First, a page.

Tips for awesome results

Fresh Produce

Buy the nicest, freshest, most seasonal produce you can. If a cucumber looks soft and limp, it’s not all of a sudden going to taste fresh and delicious and be crunchy as hell when you pickle it. If you choose seasonal ingredients they will be at their best. All you need to do is treat them well by preserving them properly, and I guarantee that your pickles will taste great.


Don’t freak out if the garlic in your brine turns bright blue. It might look like some sort of scary chemical reaction, but it just means that the garlic is old. It won’t harm the pickle.


Salt draws out water from the vegetable or fruit you’re using, which then creates an environment where bad bacteria die, and good bacteria can grow. It’s important to use good salt, such as kosher, sea or pickling salt, rather than normal table salt. This contains caking agents like iodine, which can cloud the brines and inhibit beneficial bacteria during fermentation.


Avoid buying ready-made pickling bags. It is better to experiment and add your own spices. If you’re worried about the spices floating around in the brine, and having to pick them out one by one before serving, put the spices in a small muslin (cheesecloth) bag and tie it with butcher’s string.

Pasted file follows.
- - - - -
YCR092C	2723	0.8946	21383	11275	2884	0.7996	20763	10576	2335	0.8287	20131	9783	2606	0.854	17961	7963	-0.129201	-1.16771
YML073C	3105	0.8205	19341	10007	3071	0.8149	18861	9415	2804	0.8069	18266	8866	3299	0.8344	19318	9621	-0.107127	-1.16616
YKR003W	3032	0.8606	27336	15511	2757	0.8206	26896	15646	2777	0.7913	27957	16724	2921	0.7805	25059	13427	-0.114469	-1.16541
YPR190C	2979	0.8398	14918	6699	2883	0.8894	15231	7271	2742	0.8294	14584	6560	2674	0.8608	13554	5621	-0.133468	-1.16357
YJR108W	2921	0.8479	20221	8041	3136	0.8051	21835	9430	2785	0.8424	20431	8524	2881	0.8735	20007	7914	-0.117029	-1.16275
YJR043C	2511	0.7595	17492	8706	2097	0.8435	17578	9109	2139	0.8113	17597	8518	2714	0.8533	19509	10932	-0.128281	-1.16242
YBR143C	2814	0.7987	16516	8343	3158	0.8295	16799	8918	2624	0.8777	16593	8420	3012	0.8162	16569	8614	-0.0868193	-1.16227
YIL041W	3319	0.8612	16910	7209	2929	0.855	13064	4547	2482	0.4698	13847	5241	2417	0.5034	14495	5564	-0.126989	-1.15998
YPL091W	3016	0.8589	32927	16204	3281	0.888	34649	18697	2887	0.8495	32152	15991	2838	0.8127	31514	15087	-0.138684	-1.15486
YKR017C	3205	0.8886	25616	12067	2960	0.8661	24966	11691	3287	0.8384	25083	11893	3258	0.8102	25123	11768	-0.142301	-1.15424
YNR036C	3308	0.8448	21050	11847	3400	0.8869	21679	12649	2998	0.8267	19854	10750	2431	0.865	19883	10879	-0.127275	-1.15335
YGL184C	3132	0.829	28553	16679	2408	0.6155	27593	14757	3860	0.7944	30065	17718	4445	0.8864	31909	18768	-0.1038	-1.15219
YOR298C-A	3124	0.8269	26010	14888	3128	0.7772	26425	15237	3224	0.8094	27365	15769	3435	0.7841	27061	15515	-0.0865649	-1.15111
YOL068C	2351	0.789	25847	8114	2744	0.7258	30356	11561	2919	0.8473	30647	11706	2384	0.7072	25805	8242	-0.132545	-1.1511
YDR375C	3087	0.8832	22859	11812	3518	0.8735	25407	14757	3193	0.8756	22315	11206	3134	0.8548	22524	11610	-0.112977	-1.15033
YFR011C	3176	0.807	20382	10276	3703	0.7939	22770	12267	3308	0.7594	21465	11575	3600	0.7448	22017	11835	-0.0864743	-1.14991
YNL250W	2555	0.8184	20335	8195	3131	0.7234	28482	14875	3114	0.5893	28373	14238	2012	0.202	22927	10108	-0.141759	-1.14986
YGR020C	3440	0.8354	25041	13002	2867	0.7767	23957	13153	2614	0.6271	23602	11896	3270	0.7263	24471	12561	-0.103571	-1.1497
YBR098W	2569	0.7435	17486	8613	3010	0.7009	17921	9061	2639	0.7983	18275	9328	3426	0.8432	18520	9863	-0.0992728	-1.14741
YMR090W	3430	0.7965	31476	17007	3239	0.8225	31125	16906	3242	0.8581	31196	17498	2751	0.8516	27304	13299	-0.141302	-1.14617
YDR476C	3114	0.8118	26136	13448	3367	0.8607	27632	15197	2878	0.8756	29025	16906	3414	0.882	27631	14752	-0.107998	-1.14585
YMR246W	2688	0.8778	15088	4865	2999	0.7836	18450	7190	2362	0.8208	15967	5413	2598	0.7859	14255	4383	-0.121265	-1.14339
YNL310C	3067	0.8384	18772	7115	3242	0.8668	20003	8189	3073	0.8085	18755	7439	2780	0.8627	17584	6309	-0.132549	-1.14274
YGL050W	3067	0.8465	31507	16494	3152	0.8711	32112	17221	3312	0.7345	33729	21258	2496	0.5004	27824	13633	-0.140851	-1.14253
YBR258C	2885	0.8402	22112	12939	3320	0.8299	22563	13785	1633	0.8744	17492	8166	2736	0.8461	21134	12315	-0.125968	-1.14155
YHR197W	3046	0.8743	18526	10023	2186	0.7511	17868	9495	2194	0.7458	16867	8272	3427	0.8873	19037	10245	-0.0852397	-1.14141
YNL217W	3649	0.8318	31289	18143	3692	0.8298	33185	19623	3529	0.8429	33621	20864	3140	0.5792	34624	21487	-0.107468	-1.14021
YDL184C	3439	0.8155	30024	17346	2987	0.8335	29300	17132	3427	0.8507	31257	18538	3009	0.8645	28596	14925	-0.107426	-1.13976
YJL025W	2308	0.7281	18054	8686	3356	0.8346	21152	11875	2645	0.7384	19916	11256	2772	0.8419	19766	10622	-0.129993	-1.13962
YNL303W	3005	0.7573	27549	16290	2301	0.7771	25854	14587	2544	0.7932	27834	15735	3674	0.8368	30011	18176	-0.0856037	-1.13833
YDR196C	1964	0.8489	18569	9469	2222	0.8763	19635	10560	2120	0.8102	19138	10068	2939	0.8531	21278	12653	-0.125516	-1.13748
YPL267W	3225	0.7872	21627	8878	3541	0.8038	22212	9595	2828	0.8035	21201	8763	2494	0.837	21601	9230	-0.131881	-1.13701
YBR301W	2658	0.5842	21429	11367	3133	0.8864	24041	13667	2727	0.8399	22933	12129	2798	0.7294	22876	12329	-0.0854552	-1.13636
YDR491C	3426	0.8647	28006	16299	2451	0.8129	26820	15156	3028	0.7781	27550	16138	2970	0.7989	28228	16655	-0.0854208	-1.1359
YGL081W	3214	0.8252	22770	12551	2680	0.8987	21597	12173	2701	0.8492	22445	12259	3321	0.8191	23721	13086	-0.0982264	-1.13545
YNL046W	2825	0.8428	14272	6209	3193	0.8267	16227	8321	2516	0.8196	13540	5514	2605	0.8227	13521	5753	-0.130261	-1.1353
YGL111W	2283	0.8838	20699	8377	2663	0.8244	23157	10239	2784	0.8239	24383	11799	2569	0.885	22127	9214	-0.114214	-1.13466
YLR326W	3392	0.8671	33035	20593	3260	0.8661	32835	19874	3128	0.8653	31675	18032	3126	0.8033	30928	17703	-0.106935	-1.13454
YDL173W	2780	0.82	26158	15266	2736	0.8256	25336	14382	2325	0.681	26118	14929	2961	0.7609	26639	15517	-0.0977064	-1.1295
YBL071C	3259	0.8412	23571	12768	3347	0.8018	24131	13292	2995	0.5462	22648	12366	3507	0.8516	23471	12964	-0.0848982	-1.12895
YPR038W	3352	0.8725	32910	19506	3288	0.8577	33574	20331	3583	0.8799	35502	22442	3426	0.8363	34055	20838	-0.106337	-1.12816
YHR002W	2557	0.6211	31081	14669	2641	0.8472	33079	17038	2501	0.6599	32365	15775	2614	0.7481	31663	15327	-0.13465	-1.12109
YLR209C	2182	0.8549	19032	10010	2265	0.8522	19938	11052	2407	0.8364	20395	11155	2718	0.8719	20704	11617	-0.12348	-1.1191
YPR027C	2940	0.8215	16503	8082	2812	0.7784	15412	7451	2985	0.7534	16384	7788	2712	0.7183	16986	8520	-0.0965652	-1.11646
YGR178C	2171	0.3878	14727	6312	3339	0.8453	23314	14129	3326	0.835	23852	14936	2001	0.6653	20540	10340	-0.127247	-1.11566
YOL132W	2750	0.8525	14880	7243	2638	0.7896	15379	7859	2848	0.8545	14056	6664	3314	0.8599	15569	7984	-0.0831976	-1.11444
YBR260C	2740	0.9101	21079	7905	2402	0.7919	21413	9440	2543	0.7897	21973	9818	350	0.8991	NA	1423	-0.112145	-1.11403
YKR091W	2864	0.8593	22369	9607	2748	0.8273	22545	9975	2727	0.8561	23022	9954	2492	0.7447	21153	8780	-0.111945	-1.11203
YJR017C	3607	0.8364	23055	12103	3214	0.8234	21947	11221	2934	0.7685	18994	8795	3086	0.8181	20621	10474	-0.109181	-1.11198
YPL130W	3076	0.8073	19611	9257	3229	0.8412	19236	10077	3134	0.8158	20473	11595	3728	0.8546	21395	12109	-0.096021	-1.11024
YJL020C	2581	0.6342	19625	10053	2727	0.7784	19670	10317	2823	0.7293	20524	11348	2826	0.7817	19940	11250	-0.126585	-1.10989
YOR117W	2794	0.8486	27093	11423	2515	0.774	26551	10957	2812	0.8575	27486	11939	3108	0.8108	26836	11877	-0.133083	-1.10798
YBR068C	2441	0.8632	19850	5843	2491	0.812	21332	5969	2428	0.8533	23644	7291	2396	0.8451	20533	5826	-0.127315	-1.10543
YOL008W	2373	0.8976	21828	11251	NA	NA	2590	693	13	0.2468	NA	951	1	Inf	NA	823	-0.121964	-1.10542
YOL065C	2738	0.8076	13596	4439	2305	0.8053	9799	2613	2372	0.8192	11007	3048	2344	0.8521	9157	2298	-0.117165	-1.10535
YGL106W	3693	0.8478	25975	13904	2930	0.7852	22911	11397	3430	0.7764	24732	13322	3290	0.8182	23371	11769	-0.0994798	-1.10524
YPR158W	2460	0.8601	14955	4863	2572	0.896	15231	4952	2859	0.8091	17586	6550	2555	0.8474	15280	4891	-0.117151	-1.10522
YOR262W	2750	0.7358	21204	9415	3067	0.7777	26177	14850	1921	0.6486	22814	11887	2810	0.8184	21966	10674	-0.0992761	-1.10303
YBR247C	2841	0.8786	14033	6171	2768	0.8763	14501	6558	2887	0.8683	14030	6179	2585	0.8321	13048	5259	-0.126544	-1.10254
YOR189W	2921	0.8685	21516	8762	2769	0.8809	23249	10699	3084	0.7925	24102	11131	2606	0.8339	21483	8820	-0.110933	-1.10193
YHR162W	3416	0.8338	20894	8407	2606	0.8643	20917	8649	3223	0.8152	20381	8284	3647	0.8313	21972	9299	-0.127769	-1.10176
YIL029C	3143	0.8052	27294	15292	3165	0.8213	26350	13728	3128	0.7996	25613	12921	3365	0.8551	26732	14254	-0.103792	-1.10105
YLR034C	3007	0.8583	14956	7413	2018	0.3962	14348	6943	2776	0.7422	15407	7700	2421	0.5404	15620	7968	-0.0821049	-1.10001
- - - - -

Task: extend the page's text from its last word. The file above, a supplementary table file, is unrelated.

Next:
Sugar acts as both a preserver and a flavour enhancer. With pickles, it also helps to balance out the acidity from the vinegar. Normal, granulated (raw) sugar is absolutely fine – you can use caster (superfine) sugar as well (it dissolves quicker) but by all means, regular white sugar that you’ll find in any kitchen in a sugar bowl is sufficient.


Don’t use cheap vinegar. You will taste it. I use apple cider vinegar, red wine vinegar, white wine vinegar and my personal favourite, rice wine vinegar. Rice wine vinegar has a lower acetic acid content, which means ingredients will take longer to pickle in it, leading to a less harsh and, well, less vinegary taste. The type of vinegar you use for preserving will vary your end result in terms of colour and taste.